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DeLeve LD. Cancer chemotherapy. In, Kaplowitz N, DeLeve LD, eds. Drug-induced liver disease. 3rd ed. Amsterdam, Elsevier, 2013, p. 541-68. (Review of hepatotoxicity of cancer chemotherapeutic agents; omacetaxine is not discussed).
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Cortes J, Lipton JH, Rea D, Digumarti R, Chuah C, Nanda N, Benichou AC, et al.; Omacetaxine 202 Study Group. Phase 2 study of subcutaneous omacetaxine mepesuccinate after TKI failure in patients with chronic-phase CML with T315I mutation. Blood 2012; 120: 2573-80. PubMed Citation (Among 62 patients in the chronic phase of CML with a T351I mutation in the BCR-ABL gene and failure of imatinib therapy treated with omacetaxine [1-41 cycles], the hematologic response rate was 77% and side effects were largely due to myelosuppression; ALT elevations above 5 times ULN occurred in 2 patients [3%], but there were no liver related serious adverse events or discontinuations).
Cortes J, Digumarti R, Parikh PM, Wetzler M, Lipton JH, Hochhaus A, Craig AR, et al.; Omacetaxine 203 Study Group. Phase 2 study of subcutaneous omacetaxine mepesuccinate for chronic-phase chronic myeloid leukemia patients resistant to or intolerant of tyrosine kinase inhibitors. Am J Hematol 2013; 88: 350-4. PubMed Citation (Among 46 patients with CML in the chronic phase refractory to at least 2 tyrosine kinase inhibitors treated with omacetaxine [1 to 39 cycles], hematologic responses occurred in 67% and overall survival averaged 30 months, while side effects included thrombocytopenia [67%], anemia [54%], neutropenia [50%], infection [57%], diarrhea [44%], nausea [30%], fatigue [24%], and headache [20%]; there were no liver related serious adverse events, drug discontinuations or delays).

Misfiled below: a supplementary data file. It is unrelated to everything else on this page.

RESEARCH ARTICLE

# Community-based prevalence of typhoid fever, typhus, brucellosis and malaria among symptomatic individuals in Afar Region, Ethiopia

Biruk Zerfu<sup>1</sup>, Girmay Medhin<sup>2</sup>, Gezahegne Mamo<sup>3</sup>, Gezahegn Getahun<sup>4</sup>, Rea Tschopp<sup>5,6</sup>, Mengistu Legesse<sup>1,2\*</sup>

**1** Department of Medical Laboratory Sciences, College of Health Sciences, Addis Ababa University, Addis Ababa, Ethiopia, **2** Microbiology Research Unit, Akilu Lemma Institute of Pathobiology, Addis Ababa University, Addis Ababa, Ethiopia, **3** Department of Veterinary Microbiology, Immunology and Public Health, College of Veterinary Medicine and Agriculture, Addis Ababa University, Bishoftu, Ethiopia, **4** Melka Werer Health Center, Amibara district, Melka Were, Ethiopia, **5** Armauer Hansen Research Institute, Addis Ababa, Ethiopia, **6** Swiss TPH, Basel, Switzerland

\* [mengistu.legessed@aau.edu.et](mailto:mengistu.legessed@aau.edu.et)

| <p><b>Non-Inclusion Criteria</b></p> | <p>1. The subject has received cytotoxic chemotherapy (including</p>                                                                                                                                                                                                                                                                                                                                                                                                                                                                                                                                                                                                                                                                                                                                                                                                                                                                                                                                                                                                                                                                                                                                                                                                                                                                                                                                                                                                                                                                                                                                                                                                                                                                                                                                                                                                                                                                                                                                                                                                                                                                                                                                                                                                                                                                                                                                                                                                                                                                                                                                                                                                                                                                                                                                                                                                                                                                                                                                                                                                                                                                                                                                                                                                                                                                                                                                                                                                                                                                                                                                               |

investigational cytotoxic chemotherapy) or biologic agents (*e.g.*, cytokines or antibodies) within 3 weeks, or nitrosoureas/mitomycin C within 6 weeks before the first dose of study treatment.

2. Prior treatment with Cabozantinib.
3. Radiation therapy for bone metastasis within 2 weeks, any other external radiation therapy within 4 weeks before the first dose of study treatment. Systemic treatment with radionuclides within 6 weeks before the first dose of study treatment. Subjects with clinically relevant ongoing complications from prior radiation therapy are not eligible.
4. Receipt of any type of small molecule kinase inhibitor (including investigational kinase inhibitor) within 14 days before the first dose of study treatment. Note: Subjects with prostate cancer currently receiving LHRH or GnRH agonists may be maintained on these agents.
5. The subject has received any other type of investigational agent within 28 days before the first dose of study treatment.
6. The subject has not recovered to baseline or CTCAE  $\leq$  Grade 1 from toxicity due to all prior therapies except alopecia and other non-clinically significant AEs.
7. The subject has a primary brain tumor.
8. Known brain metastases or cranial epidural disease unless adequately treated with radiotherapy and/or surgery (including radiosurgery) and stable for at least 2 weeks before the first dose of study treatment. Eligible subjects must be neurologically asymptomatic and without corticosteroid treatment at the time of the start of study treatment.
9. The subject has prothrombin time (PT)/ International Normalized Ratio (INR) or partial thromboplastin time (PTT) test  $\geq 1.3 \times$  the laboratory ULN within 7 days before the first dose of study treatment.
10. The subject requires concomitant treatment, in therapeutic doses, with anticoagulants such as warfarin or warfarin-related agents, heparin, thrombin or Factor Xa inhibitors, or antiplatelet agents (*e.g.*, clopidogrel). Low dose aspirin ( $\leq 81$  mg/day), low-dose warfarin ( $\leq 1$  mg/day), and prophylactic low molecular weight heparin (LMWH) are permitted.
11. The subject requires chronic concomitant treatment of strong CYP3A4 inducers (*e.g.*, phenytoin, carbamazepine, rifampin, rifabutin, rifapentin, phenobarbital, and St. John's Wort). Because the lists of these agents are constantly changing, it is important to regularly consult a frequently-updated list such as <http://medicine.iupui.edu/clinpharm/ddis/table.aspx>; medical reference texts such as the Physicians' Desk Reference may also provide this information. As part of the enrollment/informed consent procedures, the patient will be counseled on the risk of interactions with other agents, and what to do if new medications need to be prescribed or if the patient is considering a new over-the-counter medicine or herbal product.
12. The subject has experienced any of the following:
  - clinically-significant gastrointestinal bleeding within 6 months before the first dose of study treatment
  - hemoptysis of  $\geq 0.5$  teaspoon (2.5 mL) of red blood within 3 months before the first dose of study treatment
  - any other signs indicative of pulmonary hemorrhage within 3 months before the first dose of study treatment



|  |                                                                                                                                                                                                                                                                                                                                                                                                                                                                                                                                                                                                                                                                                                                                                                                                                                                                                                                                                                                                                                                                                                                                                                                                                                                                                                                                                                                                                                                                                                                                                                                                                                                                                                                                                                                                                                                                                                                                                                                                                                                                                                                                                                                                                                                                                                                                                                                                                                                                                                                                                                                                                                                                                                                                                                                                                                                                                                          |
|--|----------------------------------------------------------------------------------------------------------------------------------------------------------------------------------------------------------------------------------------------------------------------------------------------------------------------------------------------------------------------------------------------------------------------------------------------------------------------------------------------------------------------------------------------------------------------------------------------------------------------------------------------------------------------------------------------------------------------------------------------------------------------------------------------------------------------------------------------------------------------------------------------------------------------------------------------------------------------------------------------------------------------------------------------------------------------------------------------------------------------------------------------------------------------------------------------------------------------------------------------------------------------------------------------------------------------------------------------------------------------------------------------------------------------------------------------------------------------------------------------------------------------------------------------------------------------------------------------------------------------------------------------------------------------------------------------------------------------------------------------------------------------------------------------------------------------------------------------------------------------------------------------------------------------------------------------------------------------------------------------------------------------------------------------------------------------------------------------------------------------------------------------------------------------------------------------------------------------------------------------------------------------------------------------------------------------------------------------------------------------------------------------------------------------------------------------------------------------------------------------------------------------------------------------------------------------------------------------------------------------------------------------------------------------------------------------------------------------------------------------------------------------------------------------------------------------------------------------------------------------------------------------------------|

Daver N, Vega-Ruiz A, Kantarjian HM, Estrov Z, Ferrajoli A, Kornblau S, Verstovsek S, et al. A phase II open-label study of the intravenous administration of homoharringtonine in the treatment of myelodysplastic syndrome. Eur J Cancer Care (Engl) 2013; 22: 605-11. PubMed Citation (Among 9 patients with myelodysplasic syndromes treated with intravenous homoharringtonine [1-3 cycles], one had a complete response and 8 no response while side effects included serious cardiac and renal toxicities).
Cortes JE, Nicolini FE, Wetzler M, Lipton JH, Akard L, Craig A, Nanda N, et al. Subcutaneous omacetaxine mepesuccinate in patients with chronic-phase chronic myeloid leukemia previously treated with 2 or more tyrosine kinase inhibitors including imatinib. Clin Lymphoma Myeloma Leuk 2013; 13: 584-91. PubMed Citation (Among 108 patients with chronic phase CML who had received at least two tyrosine kinase inhibitors and were treated with omacetaxine in two phase 2 trials, the overall hematologic response rate was 69% and side effects including myelosuppression, diarrhea, nausea, fatigue, infections and fever; no mention of ALT elevations and of liver related serious adverse events).
Kantarjian HM, O'Brien S, Cortes J. Homoharringtonine/omacetaxine mepesuccinate: the long and winding road to food and drug administration approval. Clin Lymphoma Myeloma Leuk 2013; 13: 530-3. PubMed Citation (History of the development of omacetaxine as a therapy of CML; initially homoharringtonine, a natural plant alkaloid from Cephalotaxus trees, was studied extensively in China and reported to have activity against CML among other conditions; its cardiac toxicity and variability in purity led to semisynthetic modifications of the molecule [omacetaxine] and pharmacologically based dosing regimens and to its evaluation in cases of CML resistant to tyrosine kinase inhibitor therapy; future studies might focus on the combination of omacetaxine with tyrosine kinase inhibitors as first line therapy of CML).